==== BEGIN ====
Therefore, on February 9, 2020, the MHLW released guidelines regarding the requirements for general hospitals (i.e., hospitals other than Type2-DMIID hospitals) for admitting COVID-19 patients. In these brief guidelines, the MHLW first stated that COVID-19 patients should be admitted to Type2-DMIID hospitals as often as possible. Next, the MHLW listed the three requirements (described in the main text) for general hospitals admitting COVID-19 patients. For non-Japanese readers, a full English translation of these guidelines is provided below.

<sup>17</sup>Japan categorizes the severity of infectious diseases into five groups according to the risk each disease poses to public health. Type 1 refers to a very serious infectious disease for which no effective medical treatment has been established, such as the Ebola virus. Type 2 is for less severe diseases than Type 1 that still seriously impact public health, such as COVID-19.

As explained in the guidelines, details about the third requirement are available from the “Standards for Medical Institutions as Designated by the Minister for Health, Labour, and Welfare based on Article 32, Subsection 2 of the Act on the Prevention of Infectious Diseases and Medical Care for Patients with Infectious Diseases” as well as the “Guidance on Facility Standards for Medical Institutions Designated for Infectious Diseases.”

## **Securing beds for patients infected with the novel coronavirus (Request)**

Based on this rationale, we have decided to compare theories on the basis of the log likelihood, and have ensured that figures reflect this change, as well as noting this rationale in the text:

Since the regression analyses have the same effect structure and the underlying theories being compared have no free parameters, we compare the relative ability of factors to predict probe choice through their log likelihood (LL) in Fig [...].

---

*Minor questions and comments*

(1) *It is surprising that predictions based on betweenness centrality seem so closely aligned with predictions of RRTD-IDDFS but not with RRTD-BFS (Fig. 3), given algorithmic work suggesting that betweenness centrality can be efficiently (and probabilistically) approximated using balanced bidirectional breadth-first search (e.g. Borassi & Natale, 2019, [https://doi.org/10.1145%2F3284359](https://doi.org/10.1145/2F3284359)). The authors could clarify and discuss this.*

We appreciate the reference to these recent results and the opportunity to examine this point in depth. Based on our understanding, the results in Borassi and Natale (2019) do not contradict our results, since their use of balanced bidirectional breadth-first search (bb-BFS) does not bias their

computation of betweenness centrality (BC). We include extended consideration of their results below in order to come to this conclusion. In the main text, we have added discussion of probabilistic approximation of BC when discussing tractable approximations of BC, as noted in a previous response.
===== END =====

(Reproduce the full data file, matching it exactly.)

Therefore, on February 9, 2020, the MHLW released guidelines regarding the requirements for general hospitals (i.e., hospitals other than Type2-DMIID hospitals) for admitting COVID-19 patients. In these brief guidelines, the MHLW first stated that COVID-19 patients should be admitted to Type2-DMIID hospitals as often as possible. Next, the MHLW listed the three requirements (described in the main text) for general hospitals admitting COVID-19 patients. For non-Japanese readers, a full English translation of these guidelines is provided below.

<sup>17</sup>Japan categorizes the severity of infectious diseases into five groups according to the risk each disease poses to public health. Type 1 refers to a very serious infectious disease for which no effective medical treatment has been established, such as the Ebola virus. Type 2 is for less severe diseases than Type 1 that still seriously impact public health, such as COVID-19.

As explained in the guidelines, details about the third requirement are available from the “Standards for Medical Institutions as Designated by the Minister for Health, Labour, and Welfare based on Article 32, Subsection 2 of the Act on the Prevention of Infectious Diseases and Medical Care for Patients with Infectious Diseases” as well as the “Guidance on Facility Standards for Medical Institutions Designated for Infectious Diseases.”

## **Securing beds for patients infected with the novel coronavirus (Request)**

Based on this rationale, we have decided to compare theories on the basis of the log likelihood, and have ensured that figures reflect this change, as well as noting this rationale in the text:

Since the regression analyses have the same effect structure and the underlying theories being compared have no free parameters, we compare the relative ability of factors to predict probe choice through their log likelihood (LL) in Fig [...].

---

*Minor questions and comments*

(1) *It is surprising that predictions based on betweenness centrality seem so closely aligned with predictions of RRTD-IDDFS but not with RRTD-BFS (Fig. 3), given algorithmic work suggesting that betweenness centrality can be efficiently (and probabilistically) approximated using balanced bidirectional breadth-first search (e.g. Borassi & Natale, 2019, [https://doi.org/10.1145%2F3284359](https://doi.org/10.1145/2F3284359)). The authors could clarify and discuss this.*

We appreciate the reference to these recent results and the opportunity to examine this point in depth. Based on our understanding, the results in Borassi and Natale (2019) do not contradict our results, since their use of balanced bidirectional breadth-first search (bb-BFS) does not bias their

computation of betweenness centrality (BC). We include extended consideration of their results below in order to come to this conclusion. In the main text, we have added discussion of probabilistic approximation of BC when discussing tractable approximations of BC, as noted in a previous response.